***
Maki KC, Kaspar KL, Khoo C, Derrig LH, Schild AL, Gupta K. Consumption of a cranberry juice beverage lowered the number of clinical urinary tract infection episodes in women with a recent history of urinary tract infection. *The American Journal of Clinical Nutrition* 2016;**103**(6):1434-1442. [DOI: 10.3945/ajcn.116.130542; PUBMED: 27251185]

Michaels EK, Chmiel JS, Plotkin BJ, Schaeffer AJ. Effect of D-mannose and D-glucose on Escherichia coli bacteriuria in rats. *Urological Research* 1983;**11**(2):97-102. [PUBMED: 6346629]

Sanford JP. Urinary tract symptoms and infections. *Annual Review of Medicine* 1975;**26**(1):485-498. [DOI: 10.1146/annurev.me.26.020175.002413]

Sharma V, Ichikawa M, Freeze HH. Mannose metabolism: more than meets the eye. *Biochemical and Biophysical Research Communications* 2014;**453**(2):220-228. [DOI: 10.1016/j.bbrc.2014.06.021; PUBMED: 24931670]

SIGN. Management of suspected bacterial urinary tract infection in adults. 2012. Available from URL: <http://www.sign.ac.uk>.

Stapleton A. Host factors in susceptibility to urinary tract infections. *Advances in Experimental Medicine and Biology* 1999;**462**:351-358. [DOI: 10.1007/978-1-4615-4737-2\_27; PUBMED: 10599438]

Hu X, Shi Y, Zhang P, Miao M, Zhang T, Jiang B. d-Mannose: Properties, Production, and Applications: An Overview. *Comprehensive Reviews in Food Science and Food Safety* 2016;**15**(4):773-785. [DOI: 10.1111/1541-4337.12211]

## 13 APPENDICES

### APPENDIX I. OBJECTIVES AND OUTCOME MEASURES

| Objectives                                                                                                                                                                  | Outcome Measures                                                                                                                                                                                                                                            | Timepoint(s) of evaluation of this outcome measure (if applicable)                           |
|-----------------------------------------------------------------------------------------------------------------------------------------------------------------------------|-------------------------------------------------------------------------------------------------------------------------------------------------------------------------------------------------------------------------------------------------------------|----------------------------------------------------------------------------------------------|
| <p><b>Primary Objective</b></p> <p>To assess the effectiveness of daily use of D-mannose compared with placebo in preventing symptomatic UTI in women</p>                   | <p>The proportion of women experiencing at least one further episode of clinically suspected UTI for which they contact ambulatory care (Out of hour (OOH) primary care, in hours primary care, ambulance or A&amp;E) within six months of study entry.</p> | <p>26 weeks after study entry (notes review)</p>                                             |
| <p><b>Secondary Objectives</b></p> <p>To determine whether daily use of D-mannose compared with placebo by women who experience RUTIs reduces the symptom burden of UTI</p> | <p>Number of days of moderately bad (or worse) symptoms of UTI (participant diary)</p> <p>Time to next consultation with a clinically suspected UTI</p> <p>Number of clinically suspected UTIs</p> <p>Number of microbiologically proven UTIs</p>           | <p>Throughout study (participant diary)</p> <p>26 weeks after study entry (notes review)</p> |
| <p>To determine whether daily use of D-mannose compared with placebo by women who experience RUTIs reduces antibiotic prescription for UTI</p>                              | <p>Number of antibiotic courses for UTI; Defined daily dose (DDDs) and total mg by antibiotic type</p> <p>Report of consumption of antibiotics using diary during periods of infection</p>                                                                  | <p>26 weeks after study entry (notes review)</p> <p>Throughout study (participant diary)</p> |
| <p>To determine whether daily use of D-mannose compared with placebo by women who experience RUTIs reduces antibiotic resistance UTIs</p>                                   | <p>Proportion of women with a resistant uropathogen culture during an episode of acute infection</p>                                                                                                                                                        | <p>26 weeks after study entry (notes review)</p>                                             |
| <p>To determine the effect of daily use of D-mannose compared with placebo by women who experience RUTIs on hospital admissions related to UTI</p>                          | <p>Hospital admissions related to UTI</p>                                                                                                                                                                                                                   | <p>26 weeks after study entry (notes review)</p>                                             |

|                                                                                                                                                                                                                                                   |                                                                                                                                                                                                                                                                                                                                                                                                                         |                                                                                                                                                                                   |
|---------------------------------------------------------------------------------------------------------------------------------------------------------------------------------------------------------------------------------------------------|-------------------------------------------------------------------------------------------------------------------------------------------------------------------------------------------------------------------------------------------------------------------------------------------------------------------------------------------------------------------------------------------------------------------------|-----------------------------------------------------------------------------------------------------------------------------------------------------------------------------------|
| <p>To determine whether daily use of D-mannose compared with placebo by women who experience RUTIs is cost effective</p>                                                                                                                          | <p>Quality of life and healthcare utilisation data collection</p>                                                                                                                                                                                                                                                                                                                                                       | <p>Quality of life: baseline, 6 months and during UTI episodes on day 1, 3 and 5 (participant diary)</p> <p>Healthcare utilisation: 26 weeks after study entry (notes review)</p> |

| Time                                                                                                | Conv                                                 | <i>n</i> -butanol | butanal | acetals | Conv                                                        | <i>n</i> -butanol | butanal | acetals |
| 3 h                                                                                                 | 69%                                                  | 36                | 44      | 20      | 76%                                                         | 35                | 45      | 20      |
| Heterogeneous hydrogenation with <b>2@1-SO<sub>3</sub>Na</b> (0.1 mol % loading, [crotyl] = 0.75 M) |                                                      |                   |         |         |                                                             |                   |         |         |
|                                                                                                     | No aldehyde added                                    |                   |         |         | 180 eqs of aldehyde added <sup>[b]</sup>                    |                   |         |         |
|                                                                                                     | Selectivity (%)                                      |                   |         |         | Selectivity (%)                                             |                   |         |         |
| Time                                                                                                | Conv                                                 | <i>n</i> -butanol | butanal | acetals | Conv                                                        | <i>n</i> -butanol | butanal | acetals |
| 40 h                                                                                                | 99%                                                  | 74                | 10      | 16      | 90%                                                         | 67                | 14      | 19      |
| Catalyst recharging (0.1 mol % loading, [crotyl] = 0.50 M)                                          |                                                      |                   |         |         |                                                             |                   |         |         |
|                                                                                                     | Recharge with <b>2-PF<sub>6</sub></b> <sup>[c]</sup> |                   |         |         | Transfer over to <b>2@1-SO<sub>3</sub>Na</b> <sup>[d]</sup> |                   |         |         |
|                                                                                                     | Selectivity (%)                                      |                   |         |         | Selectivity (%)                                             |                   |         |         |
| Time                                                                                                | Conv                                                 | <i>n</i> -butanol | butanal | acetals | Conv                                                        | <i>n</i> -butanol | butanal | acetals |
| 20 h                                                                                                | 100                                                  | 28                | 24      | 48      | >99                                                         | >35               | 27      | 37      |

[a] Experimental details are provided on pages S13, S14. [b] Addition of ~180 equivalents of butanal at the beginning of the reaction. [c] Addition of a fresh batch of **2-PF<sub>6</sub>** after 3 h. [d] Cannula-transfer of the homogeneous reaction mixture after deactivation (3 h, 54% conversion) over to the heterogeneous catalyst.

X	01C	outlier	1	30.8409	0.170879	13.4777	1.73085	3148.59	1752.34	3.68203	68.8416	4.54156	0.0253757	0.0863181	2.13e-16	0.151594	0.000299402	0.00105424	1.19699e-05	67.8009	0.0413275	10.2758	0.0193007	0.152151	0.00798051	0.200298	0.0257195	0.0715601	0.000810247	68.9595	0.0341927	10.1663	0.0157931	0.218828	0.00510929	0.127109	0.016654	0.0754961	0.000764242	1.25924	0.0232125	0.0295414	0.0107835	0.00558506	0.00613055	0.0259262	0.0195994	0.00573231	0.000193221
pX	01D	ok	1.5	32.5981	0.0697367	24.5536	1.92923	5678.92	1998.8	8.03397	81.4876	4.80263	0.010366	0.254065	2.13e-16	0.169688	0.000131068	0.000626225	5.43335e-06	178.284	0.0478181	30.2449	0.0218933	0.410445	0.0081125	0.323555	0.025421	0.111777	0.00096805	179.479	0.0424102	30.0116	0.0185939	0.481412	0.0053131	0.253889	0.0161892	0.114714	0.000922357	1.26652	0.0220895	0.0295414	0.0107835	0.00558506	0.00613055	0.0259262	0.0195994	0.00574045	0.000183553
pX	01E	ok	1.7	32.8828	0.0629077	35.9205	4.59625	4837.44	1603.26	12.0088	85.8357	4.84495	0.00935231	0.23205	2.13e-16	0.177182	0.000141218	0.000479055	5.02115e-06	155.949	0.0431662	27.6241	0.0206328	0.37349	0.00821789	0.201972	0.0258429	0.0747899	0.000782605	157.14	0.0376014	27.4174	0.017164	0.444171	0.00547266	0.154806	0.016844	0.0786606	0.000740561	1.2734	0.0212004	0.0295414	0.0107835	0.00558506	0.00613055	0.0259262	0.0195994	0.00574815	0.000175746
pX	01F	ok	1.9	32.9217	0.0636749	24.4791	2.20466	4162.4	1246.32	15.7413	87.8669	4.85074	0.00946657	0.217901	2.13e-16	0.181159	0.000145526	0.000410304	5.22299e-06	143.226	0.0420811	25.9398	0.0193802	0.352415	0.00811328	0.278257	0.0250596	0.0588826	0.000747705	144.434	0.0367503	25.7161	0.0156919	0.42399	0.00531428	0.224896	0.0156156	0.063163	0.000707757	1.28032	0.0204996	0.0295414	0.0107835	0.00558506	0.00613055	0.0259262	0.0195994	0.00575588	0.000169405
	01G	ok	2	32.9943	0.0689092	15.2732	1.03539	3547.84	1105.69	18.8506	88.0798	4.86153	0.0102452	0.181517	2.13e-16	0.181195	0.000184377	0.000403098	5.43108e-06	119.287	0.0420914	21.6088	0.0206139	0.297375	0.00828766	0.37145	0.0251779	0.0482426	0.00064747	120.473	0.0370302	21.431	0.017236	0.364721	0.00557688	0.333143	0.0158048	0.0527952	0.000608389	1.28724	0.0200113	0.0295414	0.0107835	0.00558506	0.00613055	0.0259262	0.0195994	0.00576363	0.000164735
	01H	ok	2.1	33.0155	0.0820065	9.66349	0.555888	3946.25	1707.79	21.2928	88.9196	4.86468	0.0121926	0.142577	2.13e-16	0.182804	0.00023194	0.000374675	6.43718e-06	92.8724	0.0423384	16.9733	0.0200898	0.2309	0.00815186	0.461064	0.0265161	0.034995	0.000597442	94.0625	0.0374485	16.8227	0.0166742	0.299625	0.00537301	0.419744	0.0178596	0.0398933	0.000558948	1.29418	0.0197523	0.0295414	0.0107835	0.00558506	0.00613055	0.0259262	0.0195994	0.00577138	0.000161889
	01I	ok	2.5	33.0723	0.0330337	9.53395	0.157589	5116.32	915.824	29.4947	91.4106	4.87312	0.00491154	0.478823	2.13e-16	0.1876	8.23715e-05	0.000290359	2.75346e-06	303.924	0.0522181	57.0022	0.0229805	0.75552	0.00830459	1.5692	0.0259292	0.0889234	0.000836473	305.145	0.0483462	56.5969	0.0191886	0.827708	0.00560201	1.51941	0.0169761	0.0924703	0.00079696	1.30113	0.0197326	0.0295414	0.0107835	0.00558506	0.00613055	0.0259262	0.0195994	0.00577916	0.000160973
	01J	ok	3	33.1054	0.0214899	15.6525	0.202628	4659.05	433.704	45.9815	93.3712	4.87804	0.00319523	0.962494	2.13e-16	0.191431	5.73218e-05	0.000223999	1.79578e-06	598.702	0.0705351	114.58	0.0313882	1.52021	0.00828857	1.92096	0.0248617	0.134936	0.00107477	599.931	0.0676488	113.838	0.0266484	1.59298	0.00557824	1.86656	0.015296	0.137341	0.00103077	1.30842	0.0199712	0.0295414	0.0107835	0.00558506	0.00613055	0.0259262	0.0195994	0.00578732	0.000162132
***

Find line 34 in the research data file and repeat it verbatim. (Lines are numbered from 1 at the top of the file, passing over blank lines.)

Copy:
pX	01D	ok	1.5	32.5981	0.0697367	24.5536	1.92923	5678.92	1998.8	8.03397	81.4876	4.80263	0.010366	0.254065	2.13e-16	0.169688	0.000131068	0.000626225	5.43335e-06	178.284	0.0478181	30.2449	0.0218933	0.410445	0.0081125	0.323555	0.025421	0.111777	0.00096805	179.479	0.0424102	30.0116	0.0185939	0.481412	0.0053131	0.253889	0.0161892	0.114714	0.000922357	1.26652	0.0220895	0.0295414	0.0107835	0.00558506	0.00613055	0.0259262	0.0195994	0.00574045	0.000183553